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Moon Tree highlights University of Arizona's connection to Space Race

Posted: 2:41 PM, May 20, 2024
Updated: 2024-05-20 21:26:21-04
Moon Tree on the University of Arizona campus

TUCSON, Ariz. (KGUN) — Among the almost 8,000 trees on the University of Arizona campus you'll find a very special American Sycamore. Called the Moon Tree, it is appropriately located between the Kuiper Space Sciences Building and the Flandrau Planetarium.

The history of the tree began back in early 1971, when Apollo 14 lifted off from Kennedy Space Center.

"You watch this thing take off and it is just an amazing sight," said Jack Roosa.

Jack Roosa was 10 years old when he watched his father, Stuart Roosa, and two other astronauts lift off into space. Packed away in Stuart Roosa's personal kit were hundreds of tree seeds, part of a joint NASA-Forest Service project.

"He was a smokejumper in the Forest Service," recalled Jack Roosa. "He loved the outdoors, loved the Forest Service and so he flew these seeds as a tribute to the Forest Service."

Five days into the Apollo 14 mission, Alan Shepard and Edgar Mitchell walked on the Moon. Shepard famously hit a golf ball off the surface of the moon.

Meantime, Stuart Roosa circled above in the command module.

Apollo 14 command module pilot Stuart Roosa

"He got asked the question a lot, 'you're the one that didn't get to walk on the moon?'" said Jack Roosa. "His response was always, 'hey look, you're lucky just to get a seat on an Apollo mission'."

On February 6, 1971, the crew of Apollo 14—along with 94 pounds of moon rocks—splashed down back on Earth. Also safely back from the moon: those 500 tree seeds.

"Up it went all the way to the moon, 33 times around the moon and all the way back," Jack Roosa said.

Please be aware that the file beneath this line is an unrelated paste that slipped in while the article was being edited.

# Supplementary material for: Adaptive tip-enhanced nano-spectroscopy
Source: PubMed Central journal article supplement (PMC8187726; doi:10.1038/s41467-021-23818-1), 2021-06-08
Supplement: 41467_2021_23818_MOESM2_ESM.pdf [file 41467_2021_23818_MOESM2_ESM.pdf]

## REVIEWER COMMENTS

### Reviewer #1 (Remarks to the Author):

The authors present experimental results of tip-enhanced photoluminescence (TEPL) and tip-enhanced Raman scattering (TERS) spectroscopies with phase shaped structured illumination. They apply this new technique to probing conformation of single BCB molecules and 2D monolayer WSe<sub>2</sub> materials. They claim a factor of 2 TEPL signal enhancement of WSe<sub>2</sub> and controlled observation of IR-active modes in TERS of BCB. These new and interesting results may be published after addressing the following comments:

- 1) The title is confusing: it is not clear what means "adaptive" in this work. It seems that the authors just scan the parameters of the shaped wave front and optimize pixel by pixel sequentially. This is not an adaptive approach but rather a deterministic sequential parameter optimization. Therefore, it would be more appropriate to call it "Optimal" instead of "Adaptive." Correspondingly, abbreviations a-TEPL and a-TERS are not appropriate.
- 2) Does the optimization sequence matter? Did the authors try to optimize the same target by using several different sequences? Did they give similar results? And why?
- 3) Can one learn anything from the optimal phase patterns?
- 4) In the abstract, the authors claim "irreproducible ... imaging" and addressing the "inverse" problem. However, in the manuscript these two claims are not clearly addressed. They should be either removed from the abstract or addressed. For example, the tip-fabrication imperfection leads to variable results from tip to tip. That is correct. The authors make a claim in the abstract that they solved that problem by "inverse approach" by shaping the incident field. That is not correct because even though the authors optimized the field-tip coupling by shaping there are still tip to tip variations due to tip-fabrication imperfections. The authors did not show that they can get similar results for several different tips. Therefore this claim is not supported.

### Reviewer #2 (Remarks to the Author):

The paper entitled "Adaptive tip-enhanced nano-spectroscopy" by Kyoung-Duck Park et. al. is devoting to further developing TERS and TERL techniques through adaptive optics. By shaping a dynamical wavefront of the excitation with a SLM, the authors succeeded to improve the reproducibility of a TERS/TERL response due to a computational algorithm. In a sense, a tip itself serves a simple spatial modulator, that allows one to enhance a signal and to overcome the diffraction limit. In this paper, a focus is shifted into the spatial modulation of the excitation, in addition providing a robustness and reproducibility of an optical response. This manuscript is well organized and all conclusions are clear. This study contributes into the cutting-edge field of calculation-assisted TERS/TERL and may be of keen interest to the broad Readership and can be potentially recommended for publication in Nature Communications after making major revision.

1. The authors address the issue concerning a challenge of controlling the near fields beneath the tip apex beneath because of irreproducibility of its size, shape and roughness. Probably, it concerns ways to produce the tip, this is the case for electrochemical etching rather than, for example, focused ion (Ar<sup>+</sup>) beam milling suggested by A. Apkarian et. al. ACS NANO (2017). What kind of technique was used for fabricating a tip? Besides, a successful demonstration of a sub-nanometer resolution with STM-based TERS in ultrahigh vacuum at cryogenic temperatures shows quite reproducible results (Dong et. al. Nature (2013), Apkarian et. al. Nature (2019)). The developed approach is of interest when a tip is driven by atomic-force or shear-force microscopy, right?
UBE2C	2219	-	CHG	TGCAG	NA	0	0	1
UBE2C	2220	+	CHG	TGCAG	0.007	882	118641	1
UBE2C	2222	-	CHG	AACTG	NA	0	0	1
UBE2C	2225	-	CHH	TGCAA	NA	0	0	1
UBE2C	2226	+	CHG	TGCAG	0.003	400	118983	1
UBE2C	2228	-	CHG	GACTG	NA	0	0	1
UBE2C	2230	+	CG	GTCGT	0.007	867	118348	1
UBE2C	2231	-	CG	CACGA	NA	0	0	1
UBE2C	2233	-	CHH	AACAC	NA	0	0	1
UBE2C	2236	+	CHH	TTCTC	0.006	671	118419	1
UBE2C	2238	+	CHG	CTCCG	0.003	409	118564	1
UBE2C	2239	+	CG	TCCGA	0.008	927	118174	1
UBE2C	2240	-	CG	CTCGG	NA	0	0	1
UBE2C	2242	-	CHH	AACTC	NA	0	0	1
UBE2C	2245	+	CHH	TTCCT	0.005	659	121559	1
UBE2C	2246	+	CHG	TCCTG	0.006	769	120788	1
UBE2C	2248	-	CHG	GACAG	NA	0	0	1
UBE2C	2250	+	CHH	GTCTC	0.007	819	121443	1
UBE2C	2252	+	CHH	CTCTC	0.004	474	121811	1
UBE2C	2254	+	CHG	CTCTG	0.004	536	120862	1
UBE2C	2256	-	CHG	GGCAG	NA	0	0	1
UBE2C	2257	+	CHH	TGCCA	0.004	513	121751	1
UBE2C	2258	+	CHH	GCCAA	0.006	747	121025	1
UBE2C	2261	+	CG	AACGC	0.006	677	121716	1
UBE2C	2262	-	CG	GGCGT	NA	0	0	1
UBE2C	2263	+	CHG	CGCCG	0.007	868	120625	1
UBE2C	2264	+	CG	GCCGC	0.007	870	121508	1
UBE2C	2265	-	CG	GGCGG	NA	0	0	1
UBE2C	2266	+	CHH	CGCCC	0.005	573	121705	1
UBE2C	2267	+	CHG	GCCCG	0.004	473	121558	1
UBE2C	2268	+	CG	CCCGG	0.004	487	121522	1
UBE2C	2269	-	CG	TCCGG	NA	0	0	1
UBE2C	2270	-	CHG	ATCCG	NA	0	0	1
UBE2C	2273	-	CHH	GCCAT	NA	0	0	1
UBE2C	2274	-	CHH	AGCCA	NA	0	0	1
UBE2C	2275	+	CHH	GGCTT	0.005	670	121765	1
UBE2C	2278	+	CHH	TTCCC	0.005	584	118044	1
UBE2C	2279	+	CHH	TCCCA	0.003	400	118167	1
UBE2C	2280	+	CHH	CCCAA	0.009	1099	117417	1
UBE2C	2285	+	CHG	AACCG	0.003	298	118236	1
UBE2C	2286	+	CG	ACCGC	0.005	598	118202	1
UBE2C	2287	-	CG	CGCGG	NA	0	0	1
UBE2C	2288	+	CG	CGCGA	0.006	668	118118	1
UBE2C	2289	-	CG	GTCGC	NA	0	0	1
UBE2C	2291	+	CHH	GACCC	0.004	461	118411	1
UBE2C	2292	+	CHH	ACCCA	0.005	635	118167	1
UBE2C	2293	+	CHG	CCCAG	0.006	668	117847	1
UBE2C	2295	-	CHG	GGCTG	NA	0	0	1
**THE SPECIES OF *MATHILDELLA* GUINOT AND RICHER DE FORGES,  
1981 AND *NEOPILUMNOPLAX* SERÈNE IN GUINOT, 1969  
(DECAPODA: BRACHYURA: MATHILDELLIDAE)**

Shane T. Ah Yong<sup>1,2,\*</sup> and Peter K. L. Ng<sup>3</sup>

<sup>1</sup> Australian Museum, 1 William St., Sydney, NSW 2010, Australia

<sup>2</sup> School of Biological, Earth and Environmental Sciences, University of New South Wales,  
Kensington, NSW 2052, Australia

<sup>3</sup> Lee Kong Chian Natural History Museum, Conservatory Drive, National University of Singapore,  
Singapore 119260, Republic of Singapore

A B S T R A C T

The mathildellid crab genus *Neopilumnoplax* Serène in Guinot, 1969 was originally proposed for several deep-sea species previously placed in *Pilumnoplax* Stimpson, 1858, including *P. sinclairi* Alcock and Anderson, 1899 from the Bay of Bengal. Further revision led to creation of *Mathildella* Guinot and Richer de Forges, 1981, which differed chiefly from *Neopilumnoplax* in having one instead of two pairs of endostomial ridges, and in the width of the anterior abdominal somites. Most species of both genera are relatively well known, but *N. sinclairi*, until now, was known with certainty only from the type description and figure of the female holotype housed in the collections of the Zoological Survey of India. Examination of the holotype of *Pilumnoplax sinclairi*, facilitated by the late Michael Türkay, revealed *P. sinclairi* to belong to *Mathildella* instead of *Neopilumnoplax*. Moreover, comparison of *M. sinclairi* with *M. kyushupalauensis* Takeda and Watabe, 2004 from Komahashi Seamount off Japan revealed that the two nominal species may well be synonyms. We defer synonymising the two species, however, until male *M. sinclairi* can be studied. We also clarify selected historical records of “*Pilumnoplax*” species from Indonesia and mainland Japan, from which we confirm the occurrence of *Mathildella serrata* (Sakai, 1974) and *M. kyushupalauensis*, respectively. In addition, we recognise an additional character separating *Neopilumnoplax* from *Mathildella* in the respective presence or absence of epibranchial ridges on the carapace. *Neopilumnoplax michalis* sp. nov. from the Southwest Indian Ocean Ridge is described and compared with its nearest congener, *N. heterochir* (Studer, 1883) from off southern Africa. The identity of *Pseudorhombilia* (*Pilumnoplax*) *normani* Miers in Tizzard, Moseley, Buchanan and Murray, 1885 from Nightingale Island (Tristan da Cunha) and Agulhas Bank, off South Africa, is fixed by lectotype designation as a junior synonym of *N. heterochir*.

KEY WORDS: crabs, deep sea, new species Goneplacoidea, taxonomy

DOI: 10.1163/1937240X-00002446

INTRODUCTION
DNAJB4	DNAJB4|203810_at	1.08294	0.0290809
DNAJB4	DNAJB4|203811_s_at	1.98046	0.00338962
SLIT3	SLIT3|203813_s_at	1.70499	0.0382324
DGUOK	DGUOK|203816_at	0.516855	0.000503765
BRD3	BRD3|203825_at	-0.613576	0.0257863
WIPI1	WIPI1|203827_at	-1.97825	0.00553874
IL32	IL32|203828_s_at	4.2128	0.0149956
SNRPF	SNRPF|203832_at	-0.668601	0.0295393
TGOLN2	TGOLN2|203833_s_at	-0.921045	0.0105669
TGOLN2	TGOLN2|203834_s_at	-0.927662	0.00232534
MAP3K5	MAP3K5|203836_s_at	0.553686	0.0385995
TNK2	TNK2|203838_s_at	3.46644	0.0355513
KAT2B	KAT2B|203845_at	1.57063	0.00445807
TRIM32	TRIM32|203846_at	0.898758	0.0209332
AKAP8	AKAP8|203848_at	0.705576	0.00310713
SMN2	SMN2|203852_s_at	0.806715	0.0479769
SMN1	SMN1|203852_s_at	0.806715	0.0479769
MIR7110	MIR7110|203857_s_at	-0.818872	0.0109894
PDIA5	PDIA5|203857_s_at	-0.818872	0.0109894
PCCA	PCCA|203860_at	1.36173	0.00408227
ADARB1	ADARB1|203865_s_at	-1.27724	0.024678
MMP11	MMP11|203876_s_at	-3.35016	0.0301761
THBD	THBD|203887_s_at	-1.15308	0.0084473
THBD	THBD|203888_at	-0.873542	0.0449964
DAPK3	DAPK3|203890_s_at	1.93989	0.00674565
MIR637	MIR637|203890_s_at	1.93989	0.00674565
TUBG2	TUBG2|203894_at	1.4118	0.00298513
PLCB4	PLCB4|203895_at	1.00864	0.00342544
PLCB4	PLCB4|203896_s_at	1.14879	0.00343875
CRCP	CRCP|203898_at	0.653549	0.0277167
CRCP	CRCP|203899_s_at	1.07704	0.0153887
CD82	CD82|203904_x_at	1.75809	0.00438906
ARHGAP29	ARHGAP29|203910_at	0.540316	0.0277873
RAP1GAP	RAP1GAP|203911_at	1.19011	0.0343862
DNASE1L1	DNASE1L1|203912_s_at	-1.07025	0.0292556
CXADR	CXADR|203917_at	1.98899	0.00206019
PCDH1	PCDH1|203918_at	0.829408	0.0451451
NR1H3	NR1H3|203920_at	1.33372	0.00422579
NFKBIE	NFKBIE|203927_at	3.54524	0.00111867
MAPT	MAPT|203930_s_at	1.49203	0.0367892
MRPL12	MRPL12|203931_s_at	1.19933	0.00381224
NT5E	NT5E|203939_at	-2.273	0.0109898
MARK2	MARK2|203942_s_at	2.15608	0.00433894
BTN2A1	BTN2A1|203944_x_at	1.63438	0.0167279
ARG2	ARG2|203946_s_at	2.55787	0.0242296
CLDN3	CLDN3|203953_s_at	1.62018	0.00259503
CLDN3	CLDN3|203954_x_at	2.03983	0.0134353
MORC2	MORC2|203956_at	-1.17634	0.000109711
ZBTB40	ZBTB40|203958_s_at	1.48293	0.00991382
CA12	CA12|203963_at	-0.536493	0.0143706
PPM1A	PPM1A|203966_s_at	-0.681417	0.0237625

That might have been where this story of the 500 moon tree seeds ends. But five years later, as part of the Bicentennial celebration, Stuart Roosa went around the country helping to plant the seeds that had grown into saplings.

"The U of A got one," said Jack Roosa. "That's because he attended the U of A."

After one year at the University of Arizona in the 1950s, Stuart Roosa joined the Air Force, becoming a fighter pilot and then an astronaut. He came back to Tucson in 1976 to dedicate the UA Moon Tree.

"They planted these seeds at the White House, they planted them at Philadelphia Park near the Liberty Bell," remembered Jack Roosa. "Obviously, the University of Arizona would be one of those—and just all over the country."

Moon Tree near Flandrau Planetarium

The University of Arizona's Moon Tree has been flourishing next to the Flandrau Planetarium ever since. Although, a major freeze in Tucson in 2013 nearly did it in.

"It took out the top," said Jack Roosa. "There's a little bit of damage up there, but it seems to have recovered. It's still thriving. For all of the miles put on it, it's still looking pretty good."

It is safe to say most students making their way down the UA Mall pass right by the Moon Tree without ever knowing its significance.

"They have to walk across the grass, start reading that, then they might figure it out," Jack Roosa said referring to the Moon Tree sign.

Bicentennial Moon Tree plaque at the University of Arizona

Stuart Roosa went on to see his son Jack graduate from the Air Force Academy and become an F-16 fighter pilot before Stuart's death in 1994. But Jack points out, his father's legacy lives on through these Moon Trees.

Jack Roosa F-16 fighter pilot

"He had the foresight to know that these trees would outlast him, that would outlast everyone that was involved with the Apollo program, and now we've got a living legacy actually of that program."

After following in his father's footsteps becoming a fighter pilot, Jack Roosa moved to Tucson to work for Raytheon. His daughter graduated from the University of Arizona in 2011.


Pat Parris is an anchor and reporter for KGUN 9. He is a graduate of Sabino High School where he was the 1982 high school state track champion in the 800 meters. While in high school and college, he worked part-time in the KGUN 9 newsroom. Share your story ideas and important issues with Pat by emailing or by connecting on Facebook, Twitter, and Instagram.